Citrine was scheduled to meet up with Monica Immel, a friend and local artist, to discuss collaboration on a project they have been formulating. We joined their meeting and popped over to Rocket to Venus where we enjoyed pitchers of mimosa and french fries while business was discussed. The members of Citrine hope to release a digital copy of their EP ‘April’, set to drop April 22nd (maybe along with some other treats, like videos and pictures) on USB drives. They wanted to meet with Monica to discuss the logistics of laser printing and how it could fit into the vision they had for producing digital material for their EP. “I really like the idea of this being something that we do regularly and change it up between releases,” said Galen. “We could have a lot of fun with it”.
The idea of a digital way to disseminate their work is fitting for the forward thinking and realistic minds of Citrine and getting the help of friends is in line with their DIY nature. The band enlisted Monica, who has a great deal of knowledge around laser cutting and printing (most notably with her work on the Baltimore Bench), to see if laser printing would be a sustainable and affordable way of mass engraving the thumb drives with their logo or album title. Sustainability is a huge priority for the members of Citrine, who often work on limited time with limited resources. “It’s a lot cheaper than getting CDs pressed. Also who buys…? Nobody buys CDs anymore. And vinyl is so expensive,” said Kelci. The thumb drives make sense—both sustainable and affordable, they are able to cater to the way people consume music in this age while still providing their fan base with a keepsake.
After Rocket to Venus, we followed Citrine to Milk & Ice Vintage for vinyls, eclectic T-shirts, and decorative jars among the treasure trove of vintage other items owners Kate & Angie have carefully selected to fill the space. Kelci found a pretty sweet “World’s Greatest Grandpa” shirt we wished she’d purchased. Keeping with the theme of local retail, we walked the Avenue and made it to Hunting Ground, which sells of mixture of new and vintage clothing and accessories, as well as local handmade goods. At Hunting Ground, we all convinced Beau to purchase the coolest square framed glasses we had ever seen. Galen would later express the wish for two pairs so they could match (if anyone has any leads, please be in touch).
After our modest shopping spree we piled into Beau’s car (an inherited SUV) to head to the Baltimore Node. The Node, as it’s called, is a member-funded work space for makers, ‘hackers’, DIYers, crafters, etc. All the members have 24/7 hour access to the tools and resources available within the space, like the laser cutter and 3D printer. After a small snafu with the alarm code, they got to work making a test jig to create a more visual understanding of how the engraving process would work. One of the biggest concerns the group had was the ability to repeat the process in the event Citrine should sell out of the drives too quickly or want to do something similar at a later date. Beau said “I think really the hard work, the time consuming work, is gonna be getting prepped. Once it’s done, we got a way, it will all be repeatable.” With a game plan in motion, we wrapped up at the Node and made our way back to Hampden to check out the bands’ practice space, where April was recorded and the videos for it were filmed.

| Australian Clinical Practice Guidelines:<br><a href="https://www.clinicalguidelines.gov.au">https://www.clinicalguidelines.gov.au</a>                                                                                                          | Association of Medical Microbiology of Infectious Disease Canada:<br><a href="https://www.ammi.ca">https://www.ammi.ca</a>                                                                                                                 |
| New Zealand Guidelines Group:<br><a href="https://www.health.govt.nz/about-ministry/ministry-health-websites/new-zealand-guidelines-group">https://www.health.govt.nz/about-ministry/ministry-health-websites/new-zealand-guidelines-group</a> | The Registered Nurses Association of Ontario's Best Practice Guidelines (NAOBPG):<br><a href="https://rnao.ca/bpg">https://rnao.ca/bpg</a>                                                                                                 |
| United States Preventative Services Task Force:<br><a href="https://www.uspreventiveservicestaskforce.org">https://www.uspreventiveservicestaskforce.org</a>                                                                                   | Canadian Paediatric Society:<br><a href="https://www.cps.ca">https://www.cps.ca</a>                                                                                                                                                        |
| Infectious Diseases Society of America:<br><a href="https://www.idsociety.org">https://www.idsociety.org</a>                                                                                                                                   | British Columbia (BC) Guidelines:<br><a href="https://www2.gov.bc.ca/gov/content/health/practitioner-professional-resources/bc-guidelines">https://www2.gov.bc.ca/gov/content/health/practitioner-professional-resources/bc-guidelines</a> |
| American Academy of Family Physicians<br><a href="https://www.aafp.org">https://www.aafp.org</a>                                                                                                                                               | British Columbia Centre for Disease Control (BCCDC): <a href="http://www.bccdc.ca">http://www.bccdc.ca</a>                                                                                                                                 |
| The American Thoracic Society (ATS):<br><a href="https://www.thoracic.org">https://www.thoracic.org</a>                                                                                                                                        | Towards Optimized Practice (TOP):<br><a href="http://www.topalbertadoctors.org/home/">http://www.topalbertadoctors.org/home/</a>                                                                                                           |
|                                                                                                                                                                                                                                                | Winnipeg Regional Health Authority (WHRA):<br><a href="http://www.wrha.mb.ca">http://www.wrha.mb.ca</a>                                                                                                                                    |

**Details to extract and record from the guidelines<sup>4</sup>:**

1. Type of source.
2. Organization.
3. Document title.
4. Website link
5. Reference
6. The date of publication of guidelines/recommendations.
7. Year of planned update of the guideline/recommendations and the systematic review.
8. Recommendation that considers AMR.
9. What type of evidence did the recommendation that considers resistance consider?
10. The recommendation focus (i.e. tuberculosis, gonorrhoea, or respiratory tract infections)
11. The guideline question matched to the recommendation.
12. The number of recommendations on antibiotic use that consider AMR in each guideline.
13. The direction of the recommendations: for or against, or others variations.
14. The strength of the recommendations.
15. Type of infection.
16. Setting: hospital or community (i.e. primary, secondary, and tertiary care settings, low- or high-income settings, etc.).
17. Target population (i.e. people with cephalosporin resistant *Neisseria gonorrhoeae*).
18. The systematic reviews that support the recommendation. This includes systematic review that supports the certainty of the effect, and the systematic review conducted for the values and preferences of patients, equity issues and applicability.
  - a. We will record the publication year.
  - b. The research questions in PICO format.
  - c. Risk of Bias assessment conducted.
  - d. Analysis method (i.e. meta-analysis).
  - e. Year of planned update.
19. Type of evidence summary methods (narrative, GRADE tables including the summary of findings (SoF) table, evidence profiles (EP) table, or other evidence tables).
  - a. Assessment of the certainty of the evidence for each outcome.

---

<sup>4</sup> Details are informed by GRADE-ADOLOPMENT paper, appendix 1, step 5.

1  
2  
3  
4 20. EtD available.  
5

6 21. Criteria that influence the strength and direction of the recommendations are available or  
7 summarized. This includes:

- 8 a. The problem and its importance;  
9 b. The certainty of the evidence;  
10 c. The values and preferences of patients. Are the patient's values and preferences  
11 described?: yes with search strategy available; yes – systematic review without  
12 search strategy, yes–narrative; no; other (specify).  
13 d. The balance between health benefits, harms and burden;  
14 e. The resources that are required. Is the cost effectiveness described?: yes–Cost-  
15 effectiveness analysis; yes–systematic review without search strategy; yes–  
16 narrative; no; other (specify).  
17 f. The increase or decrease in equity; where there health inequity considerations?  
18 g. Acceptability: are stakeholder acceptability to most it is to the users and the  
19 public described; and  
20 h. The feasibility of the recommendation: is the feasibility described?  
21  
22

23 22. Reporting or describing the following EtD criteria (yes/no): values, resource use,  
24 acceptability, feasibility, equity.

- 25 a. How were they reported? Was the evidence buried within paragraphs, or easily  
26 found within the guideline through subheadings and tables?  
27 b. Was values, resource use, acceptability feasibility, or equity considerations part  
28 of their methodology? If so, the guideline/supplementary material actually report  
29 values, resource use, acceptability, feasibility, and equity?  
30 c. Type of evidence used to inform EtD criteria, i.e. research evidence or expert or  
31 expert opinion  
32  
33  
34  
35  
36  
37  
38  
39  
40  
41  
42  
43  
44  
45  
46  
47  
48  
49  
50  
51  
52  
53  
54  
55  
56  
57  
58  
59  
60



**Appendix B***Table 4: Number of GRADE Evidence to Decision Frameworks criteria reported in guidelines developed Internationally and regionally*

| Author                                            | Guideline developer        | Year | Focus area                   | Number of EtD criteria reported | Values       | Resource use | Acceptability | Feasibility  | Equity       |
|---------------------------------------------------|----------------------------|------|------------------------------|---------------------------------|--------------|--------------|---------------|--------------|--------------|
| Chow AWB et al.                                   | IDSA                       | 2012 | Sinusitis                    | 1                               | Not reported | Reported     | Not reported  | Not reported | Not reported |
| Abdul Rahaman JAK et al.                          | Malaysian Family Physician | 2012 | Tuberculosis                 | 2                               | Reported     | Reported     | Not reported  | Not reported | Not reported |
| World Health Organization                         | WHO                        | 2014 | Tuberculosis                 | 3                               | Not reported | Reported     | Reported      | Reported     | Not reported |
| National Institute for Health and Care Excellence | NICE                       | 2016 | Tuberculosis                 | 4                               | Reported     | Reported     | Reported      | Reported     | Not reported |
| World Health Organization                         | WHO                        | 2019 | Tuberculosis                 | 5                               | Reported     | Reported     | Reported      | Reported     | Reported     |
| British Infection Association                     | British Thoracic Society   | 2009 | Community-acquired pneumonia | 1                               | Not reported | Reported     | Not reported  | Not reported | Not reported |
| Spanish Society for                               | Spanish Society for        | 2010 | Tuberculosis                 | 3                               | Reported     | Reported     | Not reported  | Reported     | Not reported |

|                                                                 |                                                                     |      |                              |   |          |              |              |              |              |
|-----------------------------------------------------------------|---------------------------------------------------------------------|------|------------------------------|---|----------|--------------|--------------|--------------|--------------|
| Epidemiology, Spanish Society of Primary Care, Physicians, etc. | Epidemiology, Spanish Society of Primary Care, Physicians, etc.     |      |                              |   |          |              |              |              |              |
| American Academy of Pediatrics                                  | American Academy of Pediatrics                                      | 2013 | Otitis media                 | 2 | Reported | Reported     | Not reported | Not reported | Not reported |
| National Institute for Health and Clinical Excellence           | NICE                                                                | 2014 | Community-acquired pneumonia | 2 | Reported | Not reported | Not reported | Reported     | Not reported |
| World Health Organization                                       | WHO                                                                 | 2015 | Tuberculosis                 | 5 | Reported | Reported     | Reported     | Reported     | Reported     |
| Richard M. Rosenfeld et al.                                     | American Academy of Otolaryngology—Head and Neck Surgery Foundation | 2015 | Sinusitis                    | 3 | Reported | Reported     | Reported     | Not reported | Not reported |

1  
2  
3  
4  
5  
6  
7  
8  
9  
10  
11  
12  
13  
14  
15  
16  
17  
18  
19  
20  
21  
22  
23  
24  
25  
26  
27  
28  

The space they used is a small room Beau rents in a large building off Falls road owned by Simpson Strong-Tie, which if you don’t happen to be in the bridge building industry, you may not be familiar with. The space is small but stuffed to the brim with recording equipment, as well as the token portrait of a kitty that all studios have – right? The adjacent staff cafeteria was converted into the space to shoot their videos, with some fancy lighting tricks and some behind the scenes “magic” directed and edited by Colorless.
Finally, we headed back up to the Ave for an interview over dinner at a local favorite, Golden West Cafe. Galen and Beau went “splitsies” on an omelette which, according to both of them, was absolutely delicious (Galen used the words “banging”, and Beau paused the interview to let us all know how good it was).
Hanging out with Citrine gave us a really nice insight into who they are as musicians and as people. We enjoyed going through some of their favorite spots in Hampden and we’re excited to share what we learned from our time with them—keep an eye out for the extended interview later this week.
Thanks to all who came to our 2nd Annual Galentine’s Day Party at Blue Pit BBQ & Whiskey Bar! Check out photos from the event below or on Facebook. Stay in touch with us for more events—we plan on hosting something similar soon (and of course some other fun stuff is in the works…)
Photo booth by Colorless.